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We have a DLL (built using VC2005) that does some processing on behalf of the calling application. This processing requires quite a bit of memory. The DLL creates this memory via heapAlloc like so:

//Allocate space
myStruct* pStackSpace = (myStruct*)::HeapAlloc(m_hStackHeap, 0, sizeof(myStruct));

...
do some processing here
...

//Free space
::HeapFree(m_hStackHeap, 0, pStackSpace);

The heap is allocated via:

m_hStackHeap = ::HeapCreate(0, sizeof(myStruct)*10, 0);

After the create we actually allocate 20 myStructs and then free them just to make sure it handle that. So we know there is enough space.

The issues is that in some case HeapAlloc returns NULL. If that happens we do a HeapValidate(m_hStackHeap, 0, NULL) which always comes back nonezero (meaning all is well). So we know the heap is ok.

We also grantee that we never have more then 10 concurrent allocation at the same time so there should be enough space since the initial heapCreate reserved that much.

The next call to HeapAlloc often succeeds. The behavior is very sporadic. It will work fine, then fail to allocate a few times and then start working fine again.

Any ideas on what is going on?

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My assumption would be that there must be a problem in tracking concurrent allocations. How are you tracking to ensure you only have 10? – Chad Aug 5 '11 at 18:30
2  
Have you passed HEAP_GENERATE_EXCEPTIONS as an option? It will tell you which of the two failure modes (out of memory vs. corrupted heap) it hit. – Ernest Friedman-Hill Aug 5 '11 at 18:33
    
since you are using DLLs, are you accessing heap, created by one process from another? The memory of a private heap object is accessible only to the process that created it. -- from MSDN – Gene Bushuyev Aug 5 '11 at 18:41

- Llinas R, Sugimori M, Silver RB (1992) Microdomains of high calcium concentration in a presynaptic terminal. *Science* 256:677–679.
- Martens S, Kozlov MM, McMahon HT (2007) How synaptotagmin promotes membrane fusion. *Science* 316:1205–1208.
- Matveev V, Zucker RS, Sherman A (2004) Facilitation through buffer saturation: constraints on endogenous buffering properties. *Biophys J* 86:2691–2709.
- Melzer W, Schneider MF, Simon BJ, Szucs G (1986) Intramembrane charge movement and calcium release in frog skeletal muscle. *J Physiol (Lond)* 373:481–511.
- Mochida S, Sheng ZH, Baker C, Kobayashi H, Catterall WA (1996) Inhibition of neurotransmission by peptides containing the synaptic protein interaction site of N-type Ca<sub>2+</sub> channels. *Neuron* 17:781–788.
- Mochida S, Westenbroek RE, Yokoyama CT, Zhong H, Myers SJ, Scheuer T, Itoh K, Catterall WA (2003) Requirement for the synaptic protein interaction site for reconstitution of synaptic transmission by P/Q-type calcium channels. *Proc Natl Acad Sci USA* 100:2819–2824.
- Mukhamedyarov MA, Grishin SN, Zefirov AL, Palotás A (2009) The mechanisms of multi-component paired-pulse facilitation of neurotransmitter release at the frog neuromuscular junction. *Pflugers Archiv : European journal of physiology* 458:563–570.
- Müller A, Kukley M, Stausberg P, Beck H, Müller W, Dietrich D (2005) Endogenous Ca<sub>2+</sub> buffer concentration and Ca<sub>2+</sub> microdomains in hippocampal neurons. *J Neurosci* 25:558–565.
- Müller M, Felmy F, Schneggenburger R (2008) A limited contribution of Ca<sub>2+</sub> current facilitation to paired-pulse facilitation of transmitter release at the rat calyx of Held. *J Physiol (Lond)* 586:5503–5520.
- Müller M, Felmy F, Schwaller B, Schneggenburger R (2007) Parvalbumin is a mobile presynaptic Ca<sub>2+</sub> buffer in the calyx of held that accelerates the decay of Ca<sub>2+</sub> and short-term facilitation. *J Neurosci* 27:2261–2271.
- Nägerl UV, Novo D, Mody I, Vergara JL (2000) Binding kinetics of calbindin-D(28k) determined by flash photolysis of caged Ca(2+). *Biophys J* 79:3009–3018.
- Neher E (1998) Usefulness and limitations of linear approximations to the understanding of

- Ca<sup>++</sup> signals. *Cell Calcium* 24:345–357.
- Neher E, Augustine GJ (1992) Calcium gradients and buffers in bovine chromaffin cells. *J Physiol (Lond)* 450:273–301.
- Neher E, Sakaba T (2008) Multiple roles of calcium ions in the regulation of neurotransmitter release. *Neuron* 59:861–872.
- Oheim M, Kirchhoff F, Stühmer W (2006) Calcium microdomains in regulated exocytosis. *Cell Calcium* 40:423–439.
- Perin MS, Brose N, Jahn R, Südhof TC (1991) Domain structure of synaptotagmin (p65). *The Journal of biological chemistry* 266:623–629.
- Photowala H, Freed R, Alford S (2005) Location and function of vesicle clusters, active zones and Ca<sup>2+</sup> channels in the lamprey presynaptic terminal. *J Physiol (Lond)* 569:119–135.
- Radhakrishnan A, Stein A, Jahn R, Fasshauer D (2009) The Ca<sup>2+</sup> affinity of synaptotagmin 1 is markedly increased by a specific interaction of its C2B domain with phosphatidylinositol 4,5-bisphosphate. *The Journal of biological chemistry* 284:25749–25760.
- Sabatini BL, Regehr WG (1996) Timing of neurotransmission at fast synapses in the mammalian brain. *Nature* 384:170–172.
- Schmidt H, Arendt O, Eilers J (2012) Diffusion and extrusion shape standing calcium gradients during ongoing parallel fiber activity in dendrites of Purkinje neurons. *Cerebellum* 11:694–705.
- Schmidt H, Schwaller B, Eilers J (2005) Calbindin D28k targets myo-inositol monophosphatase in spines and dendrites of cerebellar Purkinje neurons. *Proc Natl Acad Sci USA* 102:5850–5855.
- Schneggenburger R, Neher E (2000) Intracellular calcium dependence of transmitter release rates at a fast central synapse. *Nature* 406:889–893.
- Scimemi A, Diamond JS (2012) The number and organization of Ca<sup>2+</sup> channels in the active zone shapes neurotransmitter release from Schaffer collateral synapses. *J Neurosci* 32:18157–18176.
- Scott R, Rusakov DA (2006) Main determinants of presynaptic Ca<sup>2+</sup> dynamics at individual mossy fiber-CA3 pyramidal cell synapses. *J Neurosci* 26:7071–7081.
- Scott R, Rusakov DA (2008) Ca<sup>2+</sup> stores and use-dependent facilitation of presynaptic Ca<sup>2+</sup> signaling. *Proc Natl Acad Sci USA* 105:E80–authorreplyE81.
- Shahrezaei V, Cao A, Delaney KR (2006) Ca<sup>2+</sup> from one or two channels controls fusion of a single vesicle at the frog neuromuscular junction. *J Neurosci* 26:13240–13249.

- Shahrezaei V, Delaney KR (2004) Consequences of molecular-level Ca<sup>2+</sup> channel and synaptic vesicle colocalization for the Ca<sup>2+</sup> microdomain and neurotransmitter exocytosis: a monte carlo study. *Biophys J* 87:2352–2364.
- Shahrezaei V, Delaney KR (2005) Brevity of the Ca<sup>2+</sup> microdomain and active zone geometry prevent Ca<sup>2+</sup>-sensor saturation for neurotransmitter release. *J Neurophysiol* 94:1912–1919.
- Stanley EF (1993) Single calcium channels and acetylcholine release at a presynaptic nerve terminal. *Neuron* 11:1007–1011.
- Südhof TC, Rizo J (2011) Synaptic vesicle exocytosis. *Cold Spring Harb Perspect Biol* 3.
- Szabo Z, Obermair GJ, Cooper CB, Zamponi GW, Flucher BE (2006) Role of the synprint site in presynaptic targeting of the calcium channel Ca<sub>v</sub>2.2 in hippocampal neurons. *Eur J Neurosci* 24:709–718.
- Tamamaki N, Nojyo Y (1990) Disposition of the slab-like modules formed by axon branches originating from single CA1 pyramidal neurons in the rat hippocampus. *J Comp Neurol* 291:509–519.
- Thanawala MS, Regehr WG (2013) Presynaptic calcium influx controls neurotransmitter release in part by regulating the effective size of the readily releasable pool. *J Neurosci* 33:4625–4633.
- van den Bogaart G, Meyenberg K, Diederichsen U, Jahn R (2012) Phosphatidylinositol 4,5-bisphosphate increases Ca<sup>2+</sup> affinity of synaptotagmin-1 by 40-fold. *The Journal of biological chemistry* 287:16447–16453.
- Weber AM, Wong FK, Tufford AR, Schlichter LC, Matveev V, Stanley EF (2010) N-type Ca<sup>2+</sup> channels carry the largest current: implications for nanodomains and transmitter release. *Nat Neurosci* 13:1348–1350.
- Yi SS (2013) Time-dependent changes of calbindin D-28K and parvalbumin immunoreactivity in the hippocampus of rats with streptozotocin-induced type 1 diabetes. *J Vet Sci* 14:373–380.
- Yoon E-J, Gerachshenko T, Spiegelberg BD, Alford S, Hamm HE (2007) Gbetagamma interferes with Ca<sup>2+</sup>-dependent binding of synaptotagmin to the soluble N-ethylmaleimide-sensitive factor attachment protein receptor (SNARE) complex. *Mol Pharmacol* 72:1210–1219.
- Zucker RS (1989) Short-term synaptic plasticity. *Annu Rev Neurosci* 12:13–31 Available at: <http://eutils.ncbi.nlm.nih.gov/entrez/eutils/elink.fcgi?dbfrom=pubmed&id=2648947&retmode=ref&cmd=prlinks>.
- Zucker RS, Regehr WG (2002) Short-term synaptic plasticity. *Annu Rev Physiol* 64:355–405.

How do you create the heap? If you're using a limited size heap (e.g. non-zero dwMaximumSize on creation), each allocation is limited to something like 512K, even if the heap is very large. What size does sizeof(myStruct)*10 give you? – André Caron Aug 5 '11 at 19:06
1  
Andre it is not limited: ::HeapCreate(0, sizeof(myStruct)*10, 0) we are passing zero for the max. – Sam Aug 5 '11 at 19:14

The behavior suggests it could be due to heap fragmentation. You may have sufficient total heap space to satisfy the request but no free blocks large enough. Try using a Low Fragmentation Heap. You can do that by calling HeapSetInformation() to enable LFH. Note that you can't use LFH if you specified the HEAP_NO_SERIALIZE flag in HeapCreate().

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I am always allocating the same size so I would thing fragmentation would not be an issue? – Sam Aug 5 '11 at 20:29
    
Hmm... he uses dwMaximumSize==0 in HeapCreate, meaning the heap can grow, so even if fragmentation were serious issue the heap should be able to keep "outgrowing" it for a long time. – Branko Dimitrijevic Aug 5 '11 at 20:57
    
@Sam: It wasn't clear you always allocate the same size. If that's true, then you're right that fragmentation shouldn't be an issue. However, it's so easy to try I would just to be sure. What would also be helpful here would be some numbers. How large is this struct? – Carey Gregory Aug 5 '11 at 21:24
    
@Branko: A growable heap != an infinite heap. – Carey Gregory Aug 5 '11 at 21:25
    
@cary good point no harm in trying. I will do that. As for sizes the structure we allocate is about 2MB. I also do a sanity check right after I create the heap like so: ` int size = 20; myStruct** pFullStackData= new myStruct*[size]; for (int i=0; i<size; i++) { pFullStackData[i] = (myStruct*)::HeapAlloc(m_hStackHeap, 0, sizeof(myStruct)); if (pFullStackData == NULL) printf("Unable to allocate from heap!"); } for (int i=0; i<size; i++) { if (pFullStackData[i] != NULL) ::HeapFree(m_hStackHeap, 0, pFullStackData[i]); }` – Sam Aug 5 '11 at 22:42

Rather than use a custom heap you can use custom ALLOC and FREE routines that keep a pool of the appropriate size.

This is done with unioning the struct with a simple object containing a NEXT pointer and one global variable containing a pointer.

If you're out allocate a new one from the global heap.

Where you would have destroyed the heap free all these.

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2mb structs? Consider using VirtualAlloc and a alloc/free pointer list.

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Unless I am mistaken HeapAlloc will map to VirtualAlloc especially if the Heap is created with dwMaximumSize set to zero – Sam Aug 8 '11 at 16:47
    
You are not mistaken, but this will decrease overhead in this particular case rather dramatically because the allocation is already a fixed power of 2 > 4096. – Joshua Aug 8 '11 at 18:56

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